General medicine, clinical medicine, pharmaceutical sciences
Armed with a degree in Scientific and Technical Communication and graduate-level training in biostatistics and epidemiology, this editor is proficient at handling complex, jargon-ridden medical and clinical documents. A certified Editor in the Life Sciences, she has considerable experience working in both a research setting (as a research analyst) and as an editor for reputed publishers.
To start with, can you please tell us why you decided to become an editor?
What are the differences between an editor and a writer?
Do you end up editing your own writing at times?
You mentioned that you have done your Bachelor's in scientific and technical communication. What kind of knowledge does that give? What kind of teaching does such a course provide?
Your primary areas of graduate training are in public health and health policy. How do you manage editing documents that are not from these areas?
Can you briefly describe the procedure you follow while editing a document?
How has your experience been with manuscripts written by non-native English speakers?
Do you often proofread on paper while editing, or do you do it directly on screen?
What are you most careful about while editing a manuscript?
I'll give you an example of what I'm talking about. Many times you'll see a list of clinical measurements such as blood pressure, oxygen in blood, etc. being measured followed by a list of values of the respective parameters. It is difficult for the reader to correlate these two quantities because they then have to go back to the beginning of the sentence to know what the numbers are referring to.
So in that situation, I move the numbers closer to their respective parameters.
How would you define substantive editing, and differentiate it from copyediting?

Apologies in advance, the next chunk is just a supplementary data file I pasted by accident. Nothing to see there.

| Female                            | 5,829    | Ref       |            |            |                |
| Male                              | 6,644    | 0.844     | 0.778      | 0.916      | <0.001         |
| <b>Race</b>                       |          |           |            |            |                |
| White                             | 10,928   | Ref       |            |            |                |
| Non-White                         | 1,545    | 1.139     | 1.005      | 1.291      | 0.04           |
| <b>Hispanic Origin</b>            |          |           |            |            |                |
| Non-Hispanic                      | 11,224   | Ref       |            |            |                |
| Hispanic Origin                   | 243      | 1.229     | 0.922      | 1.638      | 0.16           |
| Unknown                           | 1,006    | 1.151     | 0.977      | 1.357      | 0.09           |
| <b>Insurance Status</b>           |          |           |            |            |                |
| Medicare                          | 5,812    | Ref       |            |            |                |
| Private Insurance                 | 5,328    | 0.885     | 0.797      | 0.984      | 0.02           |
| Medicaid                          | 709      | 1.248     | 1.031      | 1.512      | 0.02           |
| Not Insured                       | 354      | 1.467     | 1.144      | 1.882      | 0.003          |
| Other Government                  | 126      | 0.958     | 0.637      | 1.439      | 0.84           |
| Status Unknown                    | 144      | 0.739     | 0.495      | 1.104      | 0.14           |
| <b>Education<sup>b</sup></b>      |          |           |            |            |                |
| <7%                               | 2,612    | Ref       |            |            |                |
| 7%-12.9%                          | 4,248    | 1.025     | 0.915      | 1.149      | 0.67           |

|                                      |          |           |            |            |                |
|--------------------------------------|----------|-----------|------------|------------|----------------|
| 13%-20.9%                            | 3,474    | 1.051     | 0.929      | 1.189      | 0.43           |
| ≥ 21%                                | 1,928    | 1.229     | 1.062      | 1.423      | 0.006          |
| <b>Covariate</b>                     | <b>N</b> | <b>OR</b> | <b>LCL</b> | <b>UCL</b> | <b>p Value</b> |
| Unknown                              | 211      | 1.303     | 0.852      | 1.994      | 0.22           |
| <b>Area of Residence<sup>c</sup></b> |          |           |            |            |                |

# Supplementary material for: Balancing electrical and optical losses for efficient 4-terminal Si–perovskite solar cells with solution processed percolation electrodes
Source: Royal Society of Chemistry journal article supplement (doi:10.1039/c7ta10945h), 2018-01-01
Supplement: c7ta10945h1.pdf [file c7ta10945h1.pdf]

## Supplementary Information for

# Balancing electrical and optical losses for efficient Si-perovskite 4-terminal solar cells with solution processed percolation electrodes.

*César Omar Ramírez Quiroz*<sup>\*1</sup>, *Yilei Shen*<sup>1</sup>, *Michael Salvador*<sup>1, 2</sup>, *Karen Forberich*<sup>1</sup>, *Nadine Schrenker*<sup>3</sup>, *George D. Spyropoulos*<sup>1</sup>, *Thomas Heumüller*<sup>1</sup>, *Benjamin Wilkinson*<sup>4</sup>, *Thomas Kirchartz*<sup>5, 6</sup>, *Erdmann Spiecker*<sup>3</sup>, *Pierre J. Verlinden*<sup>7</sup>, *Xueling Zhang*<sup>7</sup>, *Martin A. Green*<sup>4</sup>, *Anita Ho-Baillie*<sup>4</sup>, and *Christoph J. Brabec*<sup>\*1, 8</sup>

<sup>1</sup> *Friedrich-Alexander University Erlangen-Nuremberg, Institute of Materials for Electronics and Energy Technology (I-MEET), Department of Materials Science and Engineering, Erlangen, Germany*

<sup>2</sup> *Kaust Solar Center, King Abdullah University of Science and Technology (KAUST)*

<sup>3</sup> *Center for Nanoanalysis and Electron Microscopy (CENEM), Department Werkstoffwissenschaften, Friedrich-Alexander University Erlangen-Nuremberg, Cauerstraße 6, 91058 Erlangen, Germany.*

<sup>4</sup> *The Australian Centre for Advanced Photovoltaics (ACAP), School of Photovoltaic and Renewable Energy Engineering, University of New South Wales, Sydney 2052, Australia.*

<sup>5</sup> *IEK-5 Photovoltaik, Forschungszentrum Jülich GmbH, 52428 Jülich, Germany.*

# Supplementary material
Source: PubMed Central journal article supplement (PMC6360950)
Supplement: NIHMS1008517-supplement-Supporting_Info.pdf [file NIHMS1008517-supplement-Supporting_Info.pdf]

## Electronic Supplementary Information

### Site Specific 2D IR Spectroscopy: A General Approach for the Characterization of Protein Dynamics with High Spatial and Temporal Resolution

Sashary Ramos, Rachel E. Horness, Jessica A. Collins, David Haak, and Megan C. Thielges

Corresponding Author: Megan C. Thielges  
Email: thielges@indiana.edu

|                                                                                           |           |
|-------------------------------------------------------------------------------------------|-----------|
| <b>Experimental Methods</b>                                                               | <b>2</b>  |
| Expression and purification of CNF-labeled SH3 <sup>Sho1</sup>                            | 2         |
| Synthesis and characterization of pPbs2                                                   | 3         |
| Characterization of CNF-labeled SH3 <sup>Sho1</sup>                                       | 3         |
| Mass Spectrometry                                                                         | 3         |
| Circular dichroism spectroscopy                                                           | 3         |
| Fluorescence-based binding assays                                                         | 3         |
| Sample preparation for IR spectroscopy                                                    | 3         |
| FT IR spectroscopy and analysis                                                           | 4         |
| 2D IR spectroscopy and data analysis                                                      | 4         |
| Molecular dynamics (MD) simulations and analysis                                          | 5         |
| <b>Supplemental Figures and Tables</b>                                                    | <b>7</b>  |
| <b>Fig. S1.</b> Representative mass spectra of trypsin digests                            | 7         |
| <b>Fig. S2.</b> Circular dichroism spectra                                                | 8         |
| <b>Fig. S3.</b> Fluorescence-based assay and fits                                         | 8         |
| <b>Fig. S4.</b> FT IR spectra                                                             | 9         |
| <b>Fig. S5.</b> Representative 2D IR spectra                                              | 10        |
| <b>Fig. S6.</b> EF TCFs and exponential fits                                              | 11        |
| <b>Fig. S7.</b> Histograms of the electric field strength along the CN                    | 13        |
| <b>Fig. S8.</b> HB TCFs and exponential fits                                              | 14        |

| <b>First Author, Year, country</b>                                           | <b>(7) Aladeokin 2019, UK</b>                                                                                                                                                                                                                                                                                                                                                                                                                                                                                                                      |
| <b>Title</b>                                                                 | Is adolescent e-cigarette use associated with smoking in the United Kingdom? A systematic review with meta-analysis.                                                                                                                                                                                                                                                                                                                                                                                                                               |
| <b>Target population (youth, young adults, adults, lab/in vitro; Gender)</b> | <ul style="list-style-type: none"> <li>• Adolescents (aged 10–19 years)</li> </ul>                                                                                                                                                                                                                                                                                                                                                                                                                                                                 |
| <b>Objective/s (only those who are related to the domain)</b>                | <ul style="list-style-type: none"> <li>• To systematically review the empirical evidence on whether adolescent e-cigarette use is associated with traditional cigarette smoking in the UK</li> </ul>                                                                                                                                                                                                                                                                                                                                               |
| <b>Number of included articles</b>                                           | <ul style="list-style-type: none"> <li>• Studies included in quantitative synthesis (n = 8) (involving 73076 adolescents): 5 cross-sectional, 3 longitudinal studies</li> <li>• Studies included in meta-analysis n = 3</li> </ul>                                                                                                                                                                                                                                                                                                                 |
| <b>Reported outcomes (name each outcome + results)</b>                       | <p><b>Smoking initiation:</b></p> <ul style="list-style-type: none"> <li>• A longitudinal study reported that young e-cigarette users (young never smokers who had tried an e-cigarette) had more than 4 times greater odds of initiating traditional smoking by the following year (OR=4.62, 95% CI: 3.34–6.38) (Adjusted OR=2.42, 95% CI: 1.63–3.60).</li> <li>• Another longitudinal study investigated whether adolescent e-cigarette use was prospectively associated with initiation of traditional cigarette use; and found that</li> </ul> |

On the other hand, substantive editing is also concerned with accomplishing good flow by rearranging paragraphs or sentences. Sometimes authors repeat information in the text that is already mentioned in the tables. So a substantive editor would pay attention to that and reword sections that are redundant or irrelevant.
Do you think it is always necessary to re-arrange sentences or paragraphs in substantive editing?
What measures do you take to deliver consistent quality?
I'm always looking for ways to improve my quality and learn new things. If the document is from a subject area I'm not familiar with, I will often read another paper in the field and get to know the terminology to make sure that I do as good a job as possible.
According to you, how important is it for an editor to have a personal interest in the subject that he or she is editing?
Like you said, you would be interested in any science document. Have you edited documents from subject areas other than medicine?
You've been affiliated with quite a few associations such as the Editorial Freelancers Association and the Board of Editors in the Life Sciences. How does that benefit you as an editor?
You mentioned that most of these associations conduct workshops. What kind of training do they provide at such workshops?
Then, there is a two-part CD-ROM-based workshop on grammar, which I really recommend. It can also be accessed through the AMWA website. It's called Basic Grammar I and II and includes quizzes and a final exam that is to be answered on paper and mailed to AMWA.
I have also taken workshops on tables and graphs, creating posters, and on proper paragraphing.
At times, you may have received assignments with very close deadlines. What is your view on such assignments? And how did they affect your quality?
But with such short deadlines, do you think the quality of the edit would be as good as that of a normal assignment?
While editing, do you use any special tools or macros in Microsoft Word?
You had mentioned that you also do web editing. How does that differ from copyediting?
When you are not editing, how do you spend your time?
On your resume you've mentioned that you have been a grant writer and a publicist. Can you tell us about that experience?
I have also done some volunteer work as a publicist, which involved writing press releases and other communications for the media and getting them to write articles on the work of the organization. This was very different from medical writing, which is much more objective and which obviously cannot be biased. With publicity, one needs to be rather persuasive.